I wrote it out over a year later, and even my dearest friends were surprised. But it took the strength of hindsight and experience to be able to say those things.

The difference between those days and today – it’s like night a day, and Gabby is the sunshine.

From Jaimie, explaining how she struggled with her daughters prenatal diagnosis of Down syndrome and an AV defect; how she felt frustrated about medical attitudes; and how she feels 4 years later:

So many of these moms share the same journey that I went through. I was 20 weeks when I found out my now 4 year old sweet girl had down syndrome. I remember laying on the table, belly exposed for the ultrasound and the pediatric cardiologist told me she definitely had an AV canal defect but that the good news was it could be repaired with a very high success rate, All I heard was “heart defect”. Then the maternal fetal medicine “expert” came into the room, did not talk to me but about me and said “he would be shocked if this baby did not have down syndrome, looking at the heart defect, the excess amniotic fluid, the relatively shorter limbs, etc.” I laid there, feeling like I was not even a part of my own body… detached yet I could feel the silent tears falling to the table that I was laying on…

I went home and asked my mom to take my other kids because I wanted to be alone. I got in my bed, pulled up the covers, and cried, and cried, and cried. I never wanted to leave my bed again. I was always a very religious individual but did not understand why the God I loved so much would do such a thing to me. I yelled out to him and told him “I can’t do this and I don’t want to do this!”

Well, I didn’t stay in that bed forever. I remember finally being out of tears. I gathered myself and decided that being a mom to my other kids would make me feel better. I would fake it and that would make this other problem go away. My husband was working out of town at the time, so this journey was very much on my own.

I went to my next regular dr’s appt and the OB/GYN told me I had to make a decision about termination. I told her I did not want to do that, and she proceeded to tell me that my life was going to be very hard, and it was okay to make that decision and she promises that “God will forgive me.” She became so crazed with this that eventually, that shook me out of my funk. All of the sudden I thought, “This is my baby! Why does she want me to end her life?” Well, that was enough for the protective mama bear instinct to kick in- permanently.

My baby girl is not a baby anymore. She is 4 years old and I thank God for her every single moment of my life. She completely changed all of our lives- her dad, her brothers, her sister, and her mommy. We are a completely different family than we were before Emma. We celebrate every happy moment and do not take anything for granted anymore. We throw a party every time Emma achieves something special. When Emma learned to walk at 2 1/2 years old, my husband and I would just sit there on the couch and watch her walk, over and over again — in sheer amazement and bewilderment. It was incredible. When she walks into preschool by herself and blows me kisses goodbye, we do the same thing — we are taken back in an eternal state of awe.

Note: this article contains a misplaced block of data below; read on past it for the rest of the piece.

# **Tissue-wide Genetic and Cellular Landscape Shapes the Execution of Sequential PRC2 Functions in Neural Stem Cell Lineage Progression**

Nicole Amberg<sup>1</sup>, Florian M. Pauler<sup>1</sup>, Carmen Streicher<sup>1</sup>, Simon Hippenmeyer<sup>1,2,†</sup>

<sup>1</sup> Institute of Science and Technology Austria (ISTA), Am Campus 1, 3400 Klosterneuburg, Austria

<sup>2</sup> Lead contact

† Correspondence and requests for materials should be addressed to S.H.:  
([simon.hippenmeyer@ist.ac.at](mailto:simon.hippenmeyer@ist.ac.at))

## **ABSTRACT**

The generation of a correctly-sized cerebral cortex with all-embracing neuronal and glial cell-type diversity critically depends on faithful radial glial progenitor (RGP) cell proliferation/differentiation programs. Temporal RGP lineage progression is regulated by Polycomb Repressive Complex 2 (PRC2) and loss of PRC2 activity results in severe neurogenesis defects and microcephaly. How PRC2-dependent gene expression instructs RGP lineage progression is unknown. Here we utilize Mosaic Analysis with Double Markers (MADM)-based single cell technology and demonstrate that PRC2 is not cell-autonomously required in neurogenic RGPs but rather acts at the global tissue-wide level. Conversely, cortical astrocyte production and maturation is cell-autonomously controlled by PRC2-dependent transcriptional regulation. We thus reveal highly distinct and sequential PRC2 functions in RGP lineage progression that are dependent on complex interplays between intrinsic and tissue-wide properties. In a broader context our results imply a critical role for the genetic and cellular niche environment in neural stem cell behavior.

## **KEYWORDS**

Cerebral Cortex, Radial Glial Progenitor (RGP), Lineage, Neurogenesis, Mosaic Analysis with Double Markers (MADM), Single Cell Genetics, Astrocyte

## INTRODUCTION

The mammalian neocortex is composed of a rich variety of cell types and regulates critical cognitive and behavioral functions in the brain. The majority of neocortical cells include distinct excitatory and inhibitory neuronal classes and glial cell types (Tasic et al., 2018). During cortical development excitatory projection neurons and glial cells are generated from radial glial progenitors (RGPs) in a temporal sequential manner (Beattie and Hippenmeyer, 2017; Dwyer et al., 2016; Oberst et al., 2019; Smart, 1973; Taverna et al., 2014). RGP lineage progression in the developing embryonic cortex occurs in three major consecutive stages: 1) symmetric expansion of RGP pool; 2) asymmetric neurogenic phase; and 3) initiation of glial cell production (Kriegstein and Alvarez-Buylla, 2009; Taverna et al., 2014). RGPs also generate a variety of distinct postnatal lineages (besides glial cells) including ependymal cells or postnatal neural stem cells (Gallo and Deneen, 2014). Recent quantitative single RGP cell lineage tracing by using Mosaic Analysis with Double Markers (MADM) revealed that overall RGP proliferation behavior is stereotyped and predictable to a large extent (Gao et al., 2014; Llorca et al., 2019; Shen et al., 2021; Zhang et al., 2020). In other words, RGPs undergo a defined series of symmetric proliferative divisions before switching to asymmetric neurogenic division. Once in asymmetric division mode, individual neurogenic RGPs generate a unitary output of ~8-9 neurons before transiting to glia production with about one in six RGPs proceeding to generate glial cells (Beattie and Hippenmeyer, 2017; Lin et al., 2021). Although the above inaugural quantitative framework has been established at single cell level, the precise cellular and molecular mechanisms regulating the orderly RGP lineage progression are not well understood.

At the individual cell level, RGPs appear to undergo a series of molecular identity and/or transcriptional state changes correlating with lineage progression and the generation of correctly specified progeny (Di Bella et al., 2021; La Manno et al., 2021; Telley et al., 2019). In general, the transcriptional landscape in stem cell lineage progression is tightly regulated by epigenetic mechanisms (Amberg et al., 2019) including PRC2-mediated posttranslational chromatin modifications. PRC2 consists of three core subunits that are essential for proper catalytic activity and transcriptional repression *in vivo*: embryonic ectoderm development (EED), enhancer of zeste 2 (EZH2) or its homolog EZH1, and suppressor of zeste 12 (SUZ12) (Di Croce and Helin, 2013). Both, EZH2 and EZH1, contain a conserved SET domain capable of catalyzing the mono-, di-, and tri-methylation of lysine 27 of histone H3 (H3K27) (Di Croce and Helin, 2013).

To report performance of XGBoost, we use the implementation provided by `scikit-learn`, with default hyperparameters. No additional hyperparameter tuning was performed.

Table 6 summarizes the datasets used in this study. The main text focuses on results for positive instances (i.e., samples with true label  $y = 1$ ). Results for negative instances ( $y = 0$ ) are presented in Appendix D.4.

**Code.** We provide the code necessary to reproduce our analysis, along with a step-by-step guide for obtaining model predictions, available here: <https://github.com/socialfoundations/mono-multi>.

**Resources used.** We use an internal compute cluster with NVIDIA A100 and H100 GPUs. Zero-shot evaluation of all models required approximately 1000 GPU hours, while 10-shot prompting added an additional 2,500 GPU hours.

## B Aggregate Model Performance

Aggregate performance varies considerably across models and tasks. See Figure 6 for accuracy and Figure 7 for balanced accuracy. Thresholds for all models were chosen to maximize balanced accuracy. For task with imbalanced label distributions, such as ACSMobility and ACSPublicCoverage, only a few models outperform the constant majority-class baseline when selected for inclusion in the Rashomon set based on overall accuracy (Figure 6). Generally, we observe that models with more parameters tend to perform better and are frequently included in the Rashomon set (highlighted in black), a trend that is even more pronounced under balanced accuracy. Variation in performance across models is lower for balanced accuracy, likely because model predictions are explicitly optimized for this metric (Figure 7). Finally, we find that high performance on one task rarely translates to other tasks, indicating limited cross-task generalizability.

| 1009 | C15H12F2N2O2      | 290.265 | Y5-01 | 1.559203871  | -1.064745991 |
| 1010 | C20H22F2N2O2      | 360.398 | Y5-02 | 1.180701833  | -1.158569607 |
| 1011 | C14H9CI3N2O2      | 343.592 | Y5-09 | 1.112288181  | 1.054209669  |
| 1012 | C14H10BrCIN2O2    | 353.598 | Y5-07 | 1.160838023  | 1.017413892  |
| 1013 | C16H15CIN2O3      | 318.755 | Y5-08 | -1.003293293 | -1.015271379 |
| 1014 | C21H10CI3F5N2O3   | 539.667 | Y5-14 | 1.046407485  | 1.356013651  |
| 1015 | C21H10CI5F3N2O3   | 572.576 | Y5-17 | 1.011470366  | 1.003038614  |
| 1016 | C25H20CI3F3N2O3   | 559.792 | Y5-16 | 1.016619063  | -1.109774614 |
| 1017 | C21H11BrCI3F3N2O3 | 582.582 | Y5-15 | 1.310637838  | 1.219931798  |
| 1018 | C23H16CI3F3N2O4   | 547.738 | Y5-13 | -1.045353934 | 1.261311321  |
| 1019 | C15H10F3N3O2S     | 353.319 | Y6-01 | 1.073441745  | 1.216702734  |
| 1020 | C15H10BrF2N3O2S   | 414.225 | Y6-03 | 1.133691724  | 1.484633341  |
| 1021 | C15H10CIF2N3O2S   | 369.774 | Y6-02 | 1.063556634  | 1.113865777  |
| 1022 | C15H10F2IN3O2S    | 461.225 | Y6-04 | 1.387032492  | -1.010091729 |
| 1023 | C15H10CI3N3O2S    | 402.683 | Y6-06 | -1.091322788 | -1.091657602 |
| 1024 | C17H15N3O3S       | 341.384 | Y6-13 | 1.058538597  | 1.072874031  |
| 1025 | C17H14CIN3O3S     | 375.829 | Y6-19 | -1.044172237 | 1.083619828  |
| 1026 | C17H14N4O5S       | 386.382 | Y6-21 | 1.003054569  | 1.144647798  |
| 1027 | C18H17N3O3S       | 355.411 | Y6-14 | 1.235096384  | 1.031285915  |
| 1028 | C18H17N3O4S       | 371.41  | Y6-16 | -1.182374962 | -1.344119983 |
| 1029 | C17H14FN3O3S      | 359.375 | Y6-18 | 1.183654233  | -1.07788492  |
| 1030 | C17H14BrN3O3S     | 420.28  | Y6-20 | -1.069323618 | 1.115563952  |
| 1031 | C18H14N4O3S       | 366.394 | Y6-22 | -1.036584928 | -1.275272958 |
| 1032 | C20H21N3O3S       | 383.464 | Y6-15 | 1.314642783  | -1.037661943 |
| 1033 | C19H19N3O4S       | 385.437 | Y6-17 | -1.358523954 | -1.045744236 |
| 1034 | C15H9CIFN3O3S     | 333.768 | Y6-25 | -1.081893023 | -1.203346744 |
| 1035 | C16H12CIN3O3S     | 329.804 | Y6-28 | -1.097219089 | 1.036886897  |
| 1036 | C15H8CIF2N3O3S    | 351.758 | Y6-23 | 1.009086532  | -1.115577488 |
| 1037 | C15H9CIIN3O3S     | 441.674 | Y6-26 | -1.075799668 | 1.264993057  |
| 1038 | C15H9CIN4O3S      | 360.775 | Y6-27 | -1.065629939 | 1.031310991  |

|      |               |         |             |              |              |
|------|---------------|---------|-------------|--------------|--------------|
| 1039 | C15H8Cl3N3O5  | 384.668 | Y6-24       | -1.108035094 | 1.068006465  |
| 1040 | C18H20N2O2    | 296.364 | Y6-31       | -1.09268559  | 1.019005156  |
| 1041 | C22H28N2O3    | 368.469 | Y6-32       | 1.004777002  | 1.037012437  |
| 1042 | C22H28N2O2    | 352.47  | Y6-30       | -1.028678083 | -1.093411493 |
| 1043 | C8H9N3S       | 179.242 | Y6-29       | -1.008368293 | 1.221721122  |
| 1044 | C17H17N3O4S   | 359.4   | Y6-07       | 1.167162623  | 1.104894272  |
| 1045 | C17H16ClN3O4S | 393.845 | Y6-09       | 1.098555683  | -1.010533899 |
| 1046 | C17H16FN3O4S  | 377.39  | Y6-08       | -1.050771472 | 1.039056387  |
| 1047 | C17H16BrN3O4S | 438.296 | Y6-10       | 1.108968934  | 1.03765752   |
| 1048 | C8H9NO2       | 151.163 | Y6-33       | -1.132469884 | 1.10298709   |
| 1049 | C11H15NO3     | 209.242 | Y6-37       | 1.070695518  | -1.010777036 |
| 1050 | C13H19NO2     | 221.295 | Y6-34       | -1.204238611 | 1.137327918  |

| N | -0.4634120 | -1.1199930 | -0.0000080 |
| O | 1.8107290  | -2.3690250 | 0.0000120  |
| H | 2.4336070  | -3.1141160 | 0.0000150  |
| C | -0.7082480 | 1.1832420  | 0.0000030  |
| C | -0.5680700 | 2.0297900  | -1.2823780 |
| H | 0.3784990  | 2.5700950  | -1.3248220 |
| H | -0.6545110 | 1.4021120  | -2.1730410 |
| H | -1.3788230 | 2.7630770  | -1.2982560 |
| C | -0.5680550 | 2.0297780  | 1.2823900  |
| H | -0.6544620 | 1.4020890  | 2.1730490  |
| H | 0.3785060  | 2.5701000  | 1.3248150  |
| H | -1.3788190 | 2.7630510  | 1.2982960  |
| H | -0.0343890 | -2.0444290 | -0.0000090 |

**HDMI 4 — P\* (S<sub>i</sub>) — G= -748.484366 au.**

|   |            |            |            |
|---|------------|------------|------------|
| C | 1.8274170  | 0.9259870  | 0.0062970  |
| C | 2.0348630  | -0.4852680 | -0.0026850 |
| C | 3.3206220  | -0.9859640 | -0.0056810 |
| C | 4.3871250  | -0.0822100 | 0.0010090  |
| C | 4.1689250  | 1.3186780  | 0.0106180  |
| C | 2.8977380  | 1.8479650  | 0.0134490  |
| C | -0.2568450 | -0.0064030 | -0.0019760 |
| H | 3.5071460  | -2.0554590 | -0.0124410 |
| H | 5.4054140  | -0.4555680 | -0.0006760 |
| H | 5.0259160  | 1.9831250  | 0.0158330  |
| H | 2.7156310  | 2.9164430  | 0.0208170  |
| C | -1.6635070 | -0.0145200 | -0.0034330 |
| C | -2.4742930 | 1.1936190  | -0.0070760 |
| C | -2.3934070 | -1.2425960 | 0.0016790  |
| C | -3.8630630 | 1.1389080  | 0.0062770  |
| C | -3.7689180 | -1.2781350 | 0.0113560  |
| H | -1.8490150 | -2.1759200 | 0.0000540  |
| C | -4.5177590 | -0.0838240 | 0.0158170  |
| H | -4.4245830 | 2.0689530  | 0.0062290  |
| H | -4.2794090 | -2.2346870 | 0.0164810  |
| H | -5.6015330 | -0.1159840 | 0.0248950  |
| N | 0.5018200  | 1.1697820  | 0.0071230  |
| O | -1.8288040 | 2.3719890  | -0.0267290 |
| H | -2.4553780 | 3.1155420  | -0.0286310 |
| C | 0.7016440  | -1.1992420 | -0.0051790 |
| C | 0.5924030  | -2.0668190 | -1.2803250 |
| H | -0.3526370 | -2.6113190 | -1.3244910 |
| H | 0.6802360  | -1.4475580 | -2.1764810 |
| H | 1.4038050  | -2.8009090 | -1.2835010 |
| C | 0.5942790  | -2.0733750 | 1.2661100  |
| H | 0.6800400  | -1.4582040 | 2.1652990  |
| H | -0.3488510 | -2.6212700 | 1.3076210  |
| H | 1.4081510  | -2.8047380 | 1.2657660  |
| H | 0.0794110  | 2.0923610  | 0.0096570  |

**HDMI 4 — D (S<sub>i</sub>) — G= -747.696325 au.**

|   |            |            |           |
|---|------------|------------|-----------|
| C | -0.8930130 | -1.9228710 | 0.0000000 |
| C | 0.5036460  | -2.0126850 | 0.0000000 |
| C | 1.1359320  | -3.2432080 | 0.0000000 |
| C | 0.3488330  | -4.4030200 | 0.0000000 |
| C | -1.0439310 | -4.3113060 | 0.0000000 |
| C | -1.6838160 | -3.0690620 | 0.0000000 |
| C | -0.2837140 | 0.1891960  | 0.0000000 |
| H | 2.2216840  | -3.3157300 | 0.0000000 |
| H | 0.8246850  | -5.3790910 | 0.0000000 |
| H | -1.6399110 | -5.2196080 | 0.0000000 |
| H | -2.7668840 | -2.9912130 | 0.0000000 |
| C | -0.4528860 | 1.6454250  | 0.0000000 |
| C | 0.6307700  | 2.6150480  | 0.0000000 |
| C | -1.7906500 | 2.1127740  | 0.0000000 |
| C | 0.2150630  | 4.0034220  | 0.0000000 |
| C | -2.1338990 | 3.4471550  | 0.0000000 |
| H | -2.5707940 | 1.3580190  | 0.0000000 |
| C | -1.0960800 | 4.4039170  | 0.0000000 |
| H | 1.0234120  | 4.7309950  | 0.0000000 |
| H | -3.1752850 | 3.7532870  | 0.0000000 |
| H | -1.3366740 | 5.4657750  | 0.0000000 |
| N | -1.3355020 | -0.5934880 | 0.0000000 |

This sweet princess of ours has changed so many people in the community. We have told Emma’s story to so many people and Emma kind of tells that story all on her own- through her example of her life. Things are not perfect by text book definition of a typically developing 4 year old, but I was never really a fan of text book definitions. She is our kind of perfect. I look back to the day when I swore I was not getting out of bed ever again, and I cannot believe how far I have come. What I was fearing was not the journey that was to come, but rather the fear of the unknown journey ahead. Let me tell you- this journey is nothing to fear, but to embrace. The most amazing moments of our lives are the ones that we are not making happen but somehow happen to us through the intervention of heaven above.

From Jody, talking about how she struggled after her daughter was prenatally diagnosed with Down syndrome and other medical conditions and how she has worked with her husband to accept the diagnosis:

We found out that Ava had Down syndrome when I was 18 weeks pregnant. Like everyone else it seems, we were devastated. We cried and we cried and we cried. Everyone told us that we would learn to accept it and love her so much. She would be so special. And they were right. Ava is now 9 months old and the light of my life. But she was born with health problems. Not heart problems — we escaped that — airway issues. She had laryngomalacia which prevented her from breathing well and from taking a bottle. After 31 painful days in NICU, we brought her home with a trach and a gtube.

Our lives then seem to spiral out of control. We were overwhelmed with doctors, specialist, interventionists, therapists. You name it. We even had to get a private nurse for Ava so I could work because she could not go to daycare. Slowly I began to accept Ava and love her unconditionally as did everyone who supported us. But it has been harder for my husband. He loves Ava but still struggles with so much pain, guilt, fear and disapointment.